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What is Type 2 Diabetes?

Type two diabetes is the most common form and is growing dramatically. Why does it happen? What are the signs, symptoms, and risk factors?

By
Rob Lamberts, MD,
October 21, 2009
Episode #019

Page 1 of 3

Today I get back to diabetes. My previous article on diabetes gave the foundation for this article's information, so if you haven’t listened to that one, you probably should. I won’t be mad at you if you don’t, but you may get confused. It’s no fun being confused.

What is Type 2 Diabetes?

Today I am going to discuss the more common form of diabetes known as Type 2 diabetes mellitus. About 90-95 percent of diabetics are type two, and this number is growing (in more ways than one). The absolute number of diabetics has been rising dramatically over recent years. The reason for this rise is that Americans have been growing dramatically over those same years. Diabetes is much more likely as a person’s pant size goes up, and we Americans have pursued maximum pantage with an unmatched vigor.

Type 2 Diabetes and Insulin

Why is obesity linked to diabetes? Let me first give a brief recap of the biology of Type 2 diabetes. The root problem in this disease is the malfunction of insulin receptors, which are the proteins on the outside of cells in our bodies that bring glucose into the cells for fuel. When insulin receptors malfunction it is known as insulin resistance, and there are two main bad things that happen as a result of this phenomenon:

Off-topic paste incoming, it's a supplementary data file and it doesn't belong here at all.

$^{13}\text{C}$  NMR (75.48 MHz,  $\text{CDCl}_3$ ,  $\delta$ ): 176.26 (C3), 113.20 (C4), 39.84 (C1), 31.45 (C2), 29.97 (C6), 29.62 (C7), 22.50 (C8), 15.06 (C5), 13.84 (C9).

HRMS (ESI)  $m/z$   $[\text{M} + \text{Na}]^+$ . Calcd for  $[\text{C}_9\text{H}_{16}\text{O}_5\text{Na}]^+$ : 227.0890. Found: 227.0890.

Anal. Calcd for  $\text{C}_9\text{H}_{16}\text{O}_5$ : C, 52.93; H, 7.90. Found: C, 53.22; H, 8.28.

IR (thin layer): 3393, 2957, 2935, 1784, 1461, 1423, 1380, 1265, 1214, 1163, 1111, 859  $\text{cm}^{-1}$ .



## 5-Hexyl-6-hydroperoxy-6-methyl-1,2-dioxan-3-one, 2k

1. The level of insulin in the blood goes up to compensate for this defect.

  2. The level of glucose in the blood rises. Initially this rise only happens after a person eats high-carbohydrate food, but eventually it stays up all of the time.

Both high insulin and glucose levels are the source of the bad complications seen in Type 2 diabetes.

What is the Link Between Obesity and Diabetes?

Obesity makes a person even more insulin resistant than normal, and so someone who already has a predisposition for developing diabetes will have a much more likely chance of developing it if they gain weight; especially if they gain it around their waistline (for tips on losing weight please refer to Nutrition Diva and Get-Fit Guy). Scientists have termed a person who tends to carry more weight around the abdomen as being apples, and have termed people who carry more fat on the hips and buttocks as being pears. I guess this is a politically correct way to put it.

The upshot of the apple vs. pear physique is this:

  •  It’s much better to have a big butt than a big belly.

  • Losing abdominal fat can reduce insulin resistance and prevent diabetes.

  • Hungry scientists come up with strange names for things.

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